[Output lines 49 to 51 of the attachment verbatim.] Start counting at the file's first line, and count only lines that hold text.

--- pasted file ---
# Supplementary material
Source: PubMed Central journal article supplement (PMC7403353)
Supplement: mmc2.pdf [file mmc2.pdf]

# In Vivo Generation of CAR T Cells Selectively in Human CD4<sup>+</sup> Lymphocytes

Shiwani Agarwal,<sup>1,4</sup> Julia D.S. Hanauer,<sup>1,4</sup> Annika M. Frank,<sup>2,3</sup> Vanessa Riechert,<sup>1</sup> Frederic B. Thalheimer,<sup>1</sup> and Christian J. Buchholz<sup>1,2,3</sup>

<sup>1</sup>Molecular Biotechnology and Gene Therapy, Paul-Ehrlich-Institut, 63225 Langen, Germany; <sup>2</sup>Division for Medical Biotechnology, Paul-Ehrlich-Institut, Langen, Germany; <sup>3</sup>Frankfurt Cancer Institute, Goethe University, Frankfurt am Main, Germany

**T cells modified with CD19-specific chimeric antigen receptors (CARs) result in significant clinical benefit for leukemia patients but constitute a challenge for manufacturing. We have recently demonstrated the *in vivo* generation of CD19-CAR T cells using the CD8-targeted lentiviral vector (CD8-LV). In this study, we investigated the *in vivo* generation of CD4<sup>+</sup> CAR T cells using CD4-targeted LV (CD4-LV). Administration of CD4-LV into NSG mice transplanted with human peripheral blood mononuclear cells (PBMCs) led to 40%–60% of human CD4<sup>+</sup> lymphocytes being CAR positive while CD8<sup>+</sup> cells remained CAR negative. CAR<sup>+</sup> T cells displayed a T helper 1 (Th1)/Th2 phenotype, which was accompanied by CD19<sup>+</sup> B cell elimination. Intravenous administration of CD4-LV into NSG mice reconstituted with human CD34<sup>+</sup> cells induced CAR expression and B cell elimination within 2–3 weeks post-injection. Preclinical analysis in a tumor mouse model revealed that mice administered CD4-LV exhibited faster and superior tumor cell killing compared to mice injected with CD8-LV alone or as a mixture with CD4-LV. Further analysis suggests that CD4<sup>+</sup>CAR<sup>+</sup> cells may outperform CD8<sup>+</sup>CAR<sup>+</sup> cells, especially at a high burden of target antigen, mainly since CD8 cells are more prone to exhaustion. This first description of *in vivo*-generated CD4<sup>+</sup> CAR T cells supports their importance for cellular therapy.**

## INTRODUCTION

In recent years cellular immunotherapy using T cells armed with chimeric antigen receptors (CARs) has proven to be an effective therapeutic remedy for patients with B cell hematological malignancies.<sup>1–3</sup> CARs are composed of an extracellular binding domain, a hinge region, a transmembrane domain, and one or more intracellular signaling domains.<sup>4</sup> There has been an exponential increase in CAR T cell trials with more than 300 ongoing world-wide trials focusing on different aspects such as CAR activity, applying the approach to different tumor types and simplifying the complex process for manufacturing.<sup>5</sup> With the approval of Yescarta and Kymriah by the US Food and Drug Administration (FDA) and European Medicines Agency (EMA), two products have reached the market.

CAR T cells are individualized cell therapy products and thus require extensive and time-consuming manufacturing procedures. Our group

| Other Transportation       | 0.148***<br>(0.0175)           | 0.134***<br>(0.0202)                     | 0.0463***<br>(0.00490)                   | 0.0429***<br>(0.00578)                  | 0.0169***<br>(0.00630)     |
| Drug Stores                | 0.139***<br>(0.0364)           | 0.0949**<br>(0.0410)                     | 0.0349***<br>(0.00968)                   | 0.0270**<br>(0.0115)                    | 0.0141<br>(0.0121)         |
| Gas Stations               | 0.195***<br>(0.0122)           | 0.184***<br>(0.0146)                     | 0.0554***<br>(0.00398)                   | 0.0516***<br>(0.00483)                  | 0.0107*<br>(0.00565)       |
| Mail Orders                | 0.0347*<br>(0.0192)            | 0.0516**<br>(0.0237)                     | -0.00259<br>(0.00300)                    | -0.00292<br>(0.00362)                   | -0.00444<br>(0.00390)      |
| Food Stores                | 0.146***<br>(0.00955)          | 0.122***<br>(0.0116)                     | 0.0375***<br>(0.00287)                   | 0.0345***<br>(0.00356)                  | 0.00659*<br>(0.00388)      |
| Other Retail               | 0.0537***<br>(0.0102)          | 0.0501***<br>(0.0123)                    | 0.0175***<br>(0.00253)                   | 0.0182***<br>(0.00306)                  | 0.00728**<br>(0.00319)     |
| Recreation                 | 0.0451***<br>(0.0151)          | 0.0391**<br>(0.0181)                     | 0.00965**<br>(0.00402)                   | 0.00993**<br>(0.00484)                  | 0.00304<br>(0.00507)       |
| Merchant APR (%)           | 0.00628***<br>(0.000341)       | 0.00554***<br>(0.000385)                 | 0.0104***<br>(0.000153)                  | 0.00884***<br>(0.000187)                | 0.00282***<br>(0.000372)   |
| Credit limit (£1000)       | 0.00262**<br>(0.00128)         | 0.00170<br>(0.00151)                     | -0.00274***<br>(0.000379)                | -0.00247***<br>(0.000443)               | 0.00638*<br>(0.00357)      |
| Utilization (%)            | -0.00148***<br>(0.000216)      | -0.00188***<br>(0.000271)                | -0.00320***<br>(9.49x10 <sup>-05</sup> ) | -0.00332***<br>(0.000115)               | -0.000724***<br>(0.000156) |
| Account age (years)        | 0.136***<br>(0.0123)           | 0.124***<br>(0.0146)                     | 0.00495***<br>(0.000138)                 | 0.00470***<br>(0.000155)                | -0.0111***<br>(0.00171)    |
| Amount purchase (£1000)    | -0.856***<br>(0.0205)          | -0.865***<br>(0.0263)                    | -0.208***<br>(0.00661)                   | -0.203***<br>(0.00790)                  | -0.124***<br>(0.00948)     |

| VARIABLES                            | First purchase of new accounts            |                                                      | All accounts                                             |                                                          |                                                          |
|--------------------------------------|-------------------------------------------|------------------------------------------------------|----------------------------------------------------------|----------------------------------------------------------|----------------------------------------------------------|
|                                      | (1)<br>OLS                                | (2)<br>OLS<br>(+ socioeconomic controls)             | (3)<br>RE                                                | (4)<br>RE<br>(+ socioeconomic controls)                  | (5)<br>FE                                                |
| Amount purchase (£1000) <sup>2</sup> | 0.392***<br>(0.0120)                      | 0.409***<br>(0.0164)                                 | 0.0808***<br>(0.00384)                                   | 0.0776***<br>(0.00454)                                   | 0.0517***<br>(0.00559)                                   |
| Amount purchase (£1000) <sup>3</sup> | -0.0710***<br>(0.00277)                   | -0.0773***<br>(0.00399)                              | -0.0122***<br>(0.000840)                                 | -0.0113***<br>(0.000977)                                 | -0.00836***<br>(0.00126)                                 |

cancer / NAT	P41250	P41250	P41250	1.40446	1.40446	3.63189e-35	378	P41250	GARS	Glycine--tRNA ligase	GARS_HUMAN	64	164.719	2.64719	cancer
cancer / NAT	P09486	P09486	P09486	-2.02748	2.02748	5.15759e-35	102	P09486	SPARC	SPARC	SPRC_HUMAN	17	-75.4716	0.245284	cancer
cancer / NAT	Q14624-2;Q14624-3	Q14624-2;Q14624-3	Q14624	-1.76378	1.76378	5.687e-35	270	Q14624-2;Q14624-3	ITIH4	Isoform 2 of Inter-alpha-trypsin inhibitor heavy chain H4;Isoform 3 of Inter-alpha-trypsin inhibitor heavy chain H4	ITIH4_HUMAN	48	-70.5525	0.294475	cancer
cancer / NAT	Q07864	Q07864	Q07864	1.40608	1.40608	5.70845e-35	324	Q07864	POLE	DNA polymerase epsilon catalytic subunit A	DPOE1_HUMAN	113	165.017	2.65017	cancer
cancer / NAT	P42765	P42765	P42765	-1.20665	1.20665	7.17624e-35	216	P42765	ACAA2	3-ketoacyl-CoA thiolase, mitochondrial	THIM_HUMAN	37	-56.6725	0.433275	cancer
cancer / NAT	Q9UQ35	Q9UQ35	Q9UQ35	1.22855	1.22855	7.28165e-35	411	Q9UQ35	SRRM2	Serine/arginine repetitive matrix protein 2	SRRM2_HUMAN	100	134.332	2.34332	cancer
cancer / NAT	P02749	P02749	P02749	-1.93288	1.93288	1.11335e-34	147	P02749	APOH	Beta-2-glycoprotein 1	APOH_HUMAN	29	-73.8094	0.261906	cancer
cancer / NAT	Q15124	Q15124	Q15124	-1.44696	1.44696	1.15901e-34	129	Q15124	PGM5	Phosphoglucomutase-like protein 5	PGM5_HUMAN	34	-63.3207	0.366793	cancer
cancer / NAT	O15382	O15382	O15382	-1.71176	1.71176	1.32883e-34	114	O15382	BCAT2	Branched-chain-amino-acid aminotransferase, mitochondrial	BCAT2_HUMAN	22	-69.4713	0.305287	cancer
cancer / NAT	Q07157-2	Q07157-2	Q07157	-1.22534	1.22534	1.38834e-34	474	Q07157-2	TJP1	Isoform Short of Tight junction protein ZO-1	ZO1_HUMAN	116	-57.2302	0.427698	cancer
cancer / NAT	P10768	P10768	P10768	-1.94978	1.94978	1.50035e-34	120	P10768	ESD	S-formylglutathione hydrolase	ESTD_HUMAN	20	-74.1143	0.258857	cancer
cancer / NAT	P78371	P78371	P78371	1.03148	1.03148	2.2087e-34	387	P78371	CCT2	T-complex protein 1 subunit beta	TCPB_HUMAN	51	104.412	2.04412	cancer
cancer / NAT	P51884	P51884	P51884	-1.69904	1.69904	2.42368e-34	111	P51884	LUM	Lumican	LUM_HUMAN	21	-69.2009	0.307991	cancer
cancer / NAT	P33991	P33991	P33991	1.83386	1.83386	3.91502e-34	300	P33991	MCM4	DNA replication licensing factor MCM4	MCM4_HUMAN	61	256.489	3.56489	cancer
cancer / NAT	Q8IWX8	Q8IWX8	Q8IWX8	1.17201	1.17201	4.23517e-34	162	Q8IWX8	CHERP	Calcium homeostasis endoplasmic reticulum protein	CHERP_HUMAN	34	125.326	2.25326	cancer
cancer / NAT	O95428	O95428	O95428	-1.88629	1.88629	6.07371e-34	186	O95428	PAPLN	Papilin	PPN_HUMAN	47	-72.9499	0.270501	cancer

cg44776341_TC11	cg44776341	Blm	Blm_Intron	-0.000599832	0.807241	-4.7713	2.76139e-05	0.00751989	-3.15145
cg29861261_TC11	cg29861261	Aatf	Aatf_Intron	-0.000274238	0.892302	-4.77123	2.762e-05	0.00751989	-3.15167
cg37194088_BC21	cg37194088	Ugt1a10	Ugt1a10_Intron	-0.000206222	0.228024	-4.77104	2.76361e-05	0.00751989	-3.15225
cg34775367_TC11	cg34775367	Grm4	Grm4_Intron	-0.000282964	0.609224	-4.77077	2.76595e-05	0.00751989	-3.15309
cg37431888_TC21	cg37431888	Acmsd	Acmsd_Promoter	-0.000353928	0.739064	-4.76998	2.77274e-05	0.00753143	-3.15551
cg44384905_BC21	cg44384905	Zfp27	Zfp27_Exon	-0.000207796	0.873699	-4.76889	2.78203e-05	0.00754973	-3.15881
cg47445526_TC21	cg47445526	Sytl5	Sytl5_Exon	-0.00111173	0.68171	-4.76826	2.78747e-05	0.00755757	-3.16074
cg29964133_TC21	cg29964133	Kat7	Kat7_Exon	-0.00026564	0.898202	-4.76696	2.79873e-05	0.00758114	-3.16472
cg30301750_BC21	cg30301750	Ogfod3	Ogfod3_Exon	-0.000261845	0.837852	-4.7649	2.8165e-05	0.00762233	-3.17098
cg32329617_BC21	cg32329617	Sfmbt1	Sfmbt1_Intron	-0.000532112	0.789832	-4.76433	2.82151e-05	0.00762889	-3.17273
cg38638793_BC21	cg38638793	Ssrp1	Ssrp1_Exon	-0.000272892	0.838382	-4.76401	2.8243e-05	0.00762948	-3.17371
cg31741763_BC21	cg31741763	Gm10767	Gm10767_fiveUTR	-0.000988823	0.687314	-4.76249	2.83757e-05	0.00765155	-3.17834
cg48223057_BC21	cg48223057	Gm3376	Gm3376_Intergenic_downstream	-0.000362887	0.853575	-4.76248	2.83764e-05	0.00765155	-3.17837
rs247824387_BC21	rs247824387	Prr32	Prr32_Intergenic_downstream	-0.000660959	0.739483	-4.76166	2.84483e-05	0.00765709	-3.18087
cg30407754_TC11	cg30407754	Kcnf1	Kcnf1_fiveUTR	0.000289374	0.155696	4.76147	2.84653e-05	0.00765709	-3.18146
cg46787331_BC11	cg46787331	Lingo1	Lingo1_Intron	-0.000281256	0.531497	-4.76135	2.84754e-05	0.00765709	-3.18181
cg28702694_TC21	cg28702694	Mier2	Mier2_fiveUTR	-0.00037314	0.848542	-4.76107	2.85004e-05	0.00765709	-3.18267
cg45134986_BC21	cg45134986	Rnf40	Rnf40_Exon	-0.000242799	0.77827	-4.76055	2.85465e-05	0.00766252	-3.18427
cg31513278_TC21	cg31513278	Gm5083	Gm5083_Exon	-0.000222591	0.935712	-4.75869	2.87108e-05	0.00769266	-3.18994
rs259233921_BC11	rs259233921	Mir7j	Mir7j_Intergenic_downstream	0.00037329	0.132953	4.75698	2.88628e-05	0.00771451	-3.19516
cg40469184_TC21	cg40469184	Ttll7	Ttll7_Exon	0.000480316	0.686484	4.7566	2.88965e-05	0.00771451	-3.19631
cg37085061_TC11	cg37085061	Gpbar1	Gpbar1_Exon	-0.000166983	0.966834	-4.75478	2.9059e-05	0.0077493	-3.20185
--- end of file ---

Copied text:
cg44384905_BC21	cg44384905	Zfp27	Zfp27_Exon	-0.000207796	0.873699	-4.76889	2.78203e-05	0.00754973	-3.15881
cg47445526_TC21	cg47445526	Sytl5	Sytl5_Exon	-0.00111173	0.68171	-4.76826	2.78747e-05	0.00755757	-3.16074
cg29964133_TC21	cg29964133	Kat7	Kat7_Exon	-0.00026564	0.898202	-4.76696	2.79873e-05	0.00758114	-3.16472